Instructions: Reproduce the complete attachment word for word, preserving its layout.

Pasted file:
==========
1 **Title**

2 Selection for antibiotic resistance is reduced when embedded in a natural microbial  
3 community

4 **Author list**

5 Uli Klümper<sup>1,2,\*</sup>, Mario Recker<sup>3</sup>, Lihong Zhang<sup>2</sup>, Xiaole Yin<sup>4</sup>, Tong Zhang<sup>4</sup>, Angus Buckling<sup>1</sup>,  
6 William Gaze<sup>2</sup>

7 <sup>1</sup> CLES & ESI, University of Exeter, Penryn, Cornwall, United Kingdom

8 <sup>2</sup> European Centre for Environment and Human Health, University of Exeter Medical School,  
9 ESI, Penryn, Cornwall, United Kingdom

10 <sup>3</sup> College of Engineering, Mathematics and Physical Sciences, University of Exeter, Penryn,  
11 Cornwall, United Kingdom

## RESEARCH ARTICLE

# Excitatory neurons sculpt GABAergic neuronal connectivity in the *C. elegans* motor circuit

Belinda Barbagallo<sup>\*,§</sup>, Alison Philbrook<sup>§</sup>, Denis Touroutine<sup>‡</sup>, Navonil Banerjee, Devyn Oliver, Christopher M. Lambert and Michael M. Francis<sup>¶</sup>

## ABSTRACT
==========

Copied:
1 **Title**

2 Selection for antibiotic resistance is reduced when embedded in a natural microbial  
3 community

4 **Author list**

5 Uli Klümper<sup>1,2,\*</sup>, Mario Recker<sup>3</sup>, Lihong Zhang<sup>2</sup>, Xiaole Yin<sup>4</sup>, Tong Zhang<sup>4</sup>, Angus Buckling<sup>1</sup>,  
6 William Gaze<sup>2</sup>

7 <sup>1</sup> CLES & ESI, University of Exeter, Penryn, Cornwall, United Kingdom

8 <sup>2</sup> European Centre for Environment and Human Health, University of Exeter Medical School,  
9 ESI, Penryn, Cornwall, United Kingdom

10 <sup>3</sup> College of Engineering, Mathematics and Physical Sciences, University of Exeter, Penryn,  
11 Cornwall, United Kingdom

## RESEARCH ARTICLE

# Excitatory neurons sculpt GABAergic neuronal connectivity in the *C. elegans* motor circuit

Belinda Barbagallo<sup>\*,§</sup>, Alison Philbrook<sup>§</sup>, Denis Touroutine<sup>‡</sup>, Navonil Banerjee, Devyn Oliver, Christopher M. Lambert and Michael M. Francis<sup>¶</sup>

## ABSTRACT